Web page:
Did you know that new research has shown that hundreds of thousands of people could end up having to pursue their own personal injury litigation for road traffic accidents?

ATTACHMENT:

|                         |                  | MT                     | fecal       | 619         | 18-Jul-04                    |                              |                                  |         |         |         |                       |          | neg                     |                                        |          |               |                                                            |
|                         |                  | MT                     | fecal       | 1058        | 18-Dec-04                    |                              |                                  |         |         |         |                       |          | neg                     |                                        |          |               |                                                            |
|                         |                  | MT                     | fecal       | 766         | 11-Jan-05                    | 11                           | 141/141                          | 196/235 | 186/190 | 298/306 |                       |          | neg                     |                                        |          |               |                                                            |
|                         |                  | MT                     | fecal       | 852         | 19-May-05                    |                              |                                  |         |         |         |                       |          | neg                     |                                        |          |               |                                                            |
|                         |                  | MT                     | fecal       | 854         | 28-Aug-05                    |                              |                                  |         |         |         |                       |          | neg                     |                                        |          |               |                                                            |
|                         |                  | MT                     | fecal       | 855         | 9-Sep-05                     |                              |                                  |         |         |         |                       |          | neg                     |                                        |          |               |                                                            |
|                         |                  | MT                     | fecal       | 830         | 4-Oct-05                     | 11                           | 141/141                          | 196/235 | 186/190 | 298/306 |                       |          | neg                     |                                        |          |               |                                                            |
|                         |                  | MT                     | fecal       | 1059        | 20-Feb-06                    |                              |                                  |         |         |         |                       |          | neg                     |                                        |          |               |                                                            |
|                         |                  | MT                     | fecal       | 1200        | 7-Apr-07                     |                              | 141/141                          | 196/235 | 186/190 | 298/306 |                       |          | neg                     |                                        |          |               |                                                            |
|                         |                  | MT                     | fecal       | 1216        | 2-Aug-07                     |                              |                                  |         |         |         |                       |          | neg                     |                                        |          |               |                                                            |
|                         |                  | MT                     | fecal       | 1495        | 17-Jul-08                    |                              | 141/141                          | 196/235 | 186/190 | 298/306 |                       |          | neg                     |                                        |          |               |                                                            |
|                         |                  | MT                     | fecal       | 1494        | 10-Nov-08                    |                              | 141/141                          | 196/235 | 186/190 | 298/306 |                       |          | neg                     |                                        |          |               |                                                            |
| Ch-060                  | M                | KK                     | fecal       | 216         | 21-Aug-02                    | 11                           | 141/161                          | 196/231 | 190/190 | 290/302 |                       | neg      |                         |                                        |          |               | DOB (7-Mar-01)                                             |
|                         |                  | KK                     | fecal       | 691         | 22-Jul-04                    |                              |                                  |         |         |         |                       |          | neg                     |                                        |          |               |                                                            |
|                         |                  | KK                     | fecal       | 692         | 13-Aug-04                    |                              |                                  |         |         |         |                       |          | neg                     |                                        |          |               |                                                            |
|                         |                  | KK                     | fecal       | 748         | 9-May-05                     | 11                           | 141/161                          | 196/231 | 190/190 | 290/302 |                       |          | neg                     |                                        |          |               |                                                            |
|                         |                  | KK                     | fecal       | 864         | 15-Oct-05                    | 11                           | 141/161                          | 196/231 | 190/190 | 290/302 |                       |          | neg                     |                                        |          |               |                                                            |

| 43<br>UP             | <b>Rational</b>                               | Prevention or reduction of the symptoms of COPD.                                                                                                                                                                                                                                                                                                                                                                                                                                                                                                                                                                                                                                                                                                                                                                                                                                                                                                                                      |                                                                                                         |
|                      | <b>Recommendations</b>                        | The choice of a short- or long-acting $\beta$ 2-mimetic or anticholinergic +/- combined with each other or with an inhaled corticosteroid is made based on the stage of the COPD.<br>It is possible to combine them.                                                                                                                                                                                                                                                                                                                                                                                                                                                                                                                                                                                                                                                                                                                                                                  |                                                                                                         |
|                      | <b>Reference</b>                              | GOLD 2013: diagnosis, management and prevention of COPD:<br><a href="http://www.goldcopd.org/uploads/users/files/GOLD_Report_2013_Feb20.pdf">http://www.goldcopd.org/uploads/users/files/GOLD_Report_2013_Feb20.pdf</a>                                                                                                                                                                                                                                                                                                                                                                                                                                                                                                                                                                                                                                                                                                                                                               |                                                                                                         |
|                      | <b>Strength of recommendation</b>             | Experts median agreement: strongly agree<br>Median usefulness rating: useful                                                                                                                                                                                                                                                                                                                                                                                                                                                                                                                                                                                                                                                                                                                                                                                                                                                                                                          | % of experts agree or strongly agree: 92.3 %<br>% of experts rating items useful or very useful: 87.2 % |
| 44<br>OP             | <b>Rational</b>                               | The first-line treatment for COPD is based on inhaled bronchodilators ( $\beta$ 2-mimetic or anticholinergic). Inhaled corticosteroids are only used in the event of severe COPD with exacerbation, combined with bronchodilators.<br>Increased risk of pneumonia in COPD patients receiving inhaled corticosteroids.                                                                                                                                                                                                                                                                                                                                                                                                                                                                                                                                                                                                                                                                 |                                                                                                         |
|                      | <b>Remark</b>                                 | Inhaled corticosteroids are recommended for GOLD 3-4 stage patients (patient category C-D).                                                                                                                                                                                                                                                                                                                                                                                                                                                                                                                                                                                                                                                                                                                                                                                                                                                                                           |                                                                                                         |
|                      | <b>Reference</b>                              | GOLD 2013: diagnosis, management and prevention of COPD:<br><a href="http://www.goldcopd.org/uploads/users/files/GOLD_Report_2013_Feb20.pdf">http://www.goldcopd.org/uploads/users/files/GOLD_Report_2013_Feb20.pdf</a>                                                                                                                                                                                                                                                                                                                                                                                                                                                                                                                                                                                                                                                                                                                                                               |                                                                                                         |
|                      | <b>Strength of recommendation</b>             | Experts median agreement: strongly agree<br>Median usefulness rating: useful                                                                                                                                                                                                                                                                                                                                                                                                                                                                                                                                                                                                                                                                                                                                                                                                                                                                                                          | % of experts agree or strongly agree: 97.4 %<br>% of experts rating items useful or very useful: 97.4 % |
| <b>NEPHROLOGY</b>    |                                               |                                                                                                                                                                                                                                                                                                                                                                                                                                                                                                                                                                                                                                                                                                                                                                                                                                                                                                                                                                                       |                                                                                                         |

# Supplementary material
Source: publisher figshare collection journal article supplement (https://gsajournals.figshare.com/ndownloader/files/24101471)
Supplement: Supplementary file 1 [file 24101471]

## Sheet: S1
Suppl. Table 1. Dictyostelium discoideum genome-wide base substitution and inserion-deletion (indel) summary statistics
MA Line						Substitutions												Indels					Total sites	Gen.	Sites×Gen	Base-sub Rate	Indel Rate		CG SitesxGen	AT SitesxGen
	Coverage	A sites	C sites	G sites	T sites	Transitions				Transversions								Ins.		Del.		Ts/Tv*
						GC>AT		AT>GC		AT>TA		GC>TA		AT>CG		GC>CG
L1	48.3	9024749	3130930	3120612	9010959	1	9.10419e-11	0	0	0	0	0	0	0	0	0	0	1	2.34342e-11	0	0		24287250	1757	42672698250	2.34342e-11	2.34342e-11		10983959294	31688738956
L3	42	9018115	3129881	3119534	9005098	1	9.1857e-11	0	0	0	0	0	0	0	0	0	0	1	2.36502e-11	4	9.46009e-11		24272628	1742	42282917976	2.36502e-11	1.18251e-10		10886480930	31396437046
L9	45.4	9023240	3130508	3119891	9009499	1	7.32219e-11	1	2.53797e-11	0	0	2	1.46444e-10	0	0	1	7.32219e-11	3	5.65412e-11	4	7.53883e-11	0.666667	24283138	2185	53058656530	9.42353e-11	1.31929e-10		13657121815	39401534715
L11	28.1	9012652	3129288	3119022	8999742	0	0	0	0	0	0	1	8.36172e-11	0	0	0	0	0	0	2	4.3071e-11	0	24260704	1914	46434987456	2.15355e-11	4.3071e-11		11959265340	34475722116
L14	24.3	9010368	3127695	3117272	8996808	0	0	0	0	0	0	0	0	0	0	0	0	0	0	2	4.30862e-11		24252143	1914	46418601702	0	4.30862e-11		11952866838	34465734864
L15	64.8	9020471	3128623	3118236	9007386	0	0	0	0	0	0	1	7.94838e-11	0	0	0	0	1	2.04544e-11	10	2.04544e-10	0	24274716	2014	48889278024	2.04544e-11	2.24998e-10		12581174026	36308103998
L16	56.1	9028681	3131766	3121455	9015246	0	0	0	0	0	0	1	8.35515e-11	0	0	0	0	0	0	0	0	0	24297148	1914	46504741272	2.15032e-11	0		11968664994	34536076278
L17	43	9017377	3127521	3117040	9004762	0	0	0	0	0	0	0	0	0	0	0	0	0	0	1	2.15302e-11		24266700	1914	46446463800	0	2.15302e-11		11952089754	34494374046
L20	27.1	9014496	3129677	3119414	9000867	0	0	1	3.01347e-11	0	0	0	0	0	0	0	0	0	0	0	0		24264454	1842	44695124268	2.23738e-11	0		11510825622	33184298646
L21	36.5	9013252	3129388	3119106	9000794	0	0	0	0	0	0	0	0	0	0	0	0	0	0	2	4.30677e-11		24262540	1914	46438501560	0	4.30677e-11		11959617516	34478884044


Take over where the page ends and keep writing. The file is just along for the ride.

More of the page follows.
Personal Injury Reforms Could Mean Victims of Road Traffic Accidents Foot Legal Bills New research has shown that hundreds of thousands of people could end up having to pursue their own personal injury litigation for road traffic accidents. The study, which was commissioned by lobbying group, Access to Justice revealed that 80% of road traffic accident claims settled by solicitors over the past year were for less than £5,000. Although the Ministry of Justice has yet to confirm it, this is below a new threshold outlined in plans put forward by the government to introduce reforms to personal injury compensation claims. Currently, the point at which solicitors are able act on behalf of victims of road traffic accidents is set at £1,000. Under the new proposals, however, the limit will rise to £5,000, leaving claimants with the prospect of having to pursue their case through the small claims court themselves. At the moment, it’s not clear what the government has in mind to help people who want to bring a claim as it’s anticipated that many people won’t be able to afford the cost a solicitor. The research carried out by Capital Economics analysed cases supplied by 58 law firms, which had settled 171,939 RTA claims between them in the previous year, accounting for almost a quarter of such cases. The average value of damages was £3,029. The figures were investigated alongside the government’s Compensation Recovery Unit (CRU), which recorded 780,324 motor claims in 2016/17. Access to Justice believes that the limit should be set at £2,000 to match the limit being suggested by the government for other types of personal injury claims. A spokesman for Access to Justice said that a £5,000 limit would “open up the floodgates to the injured public being targeted by an increase in unqualified claims farmers and cold callers”. He also stated that a £2,000 limit would reduce the number of claims registered with the Compensation Recovery Unit a year by around 140,000, which the group has estimated will save insurers around £400m a year.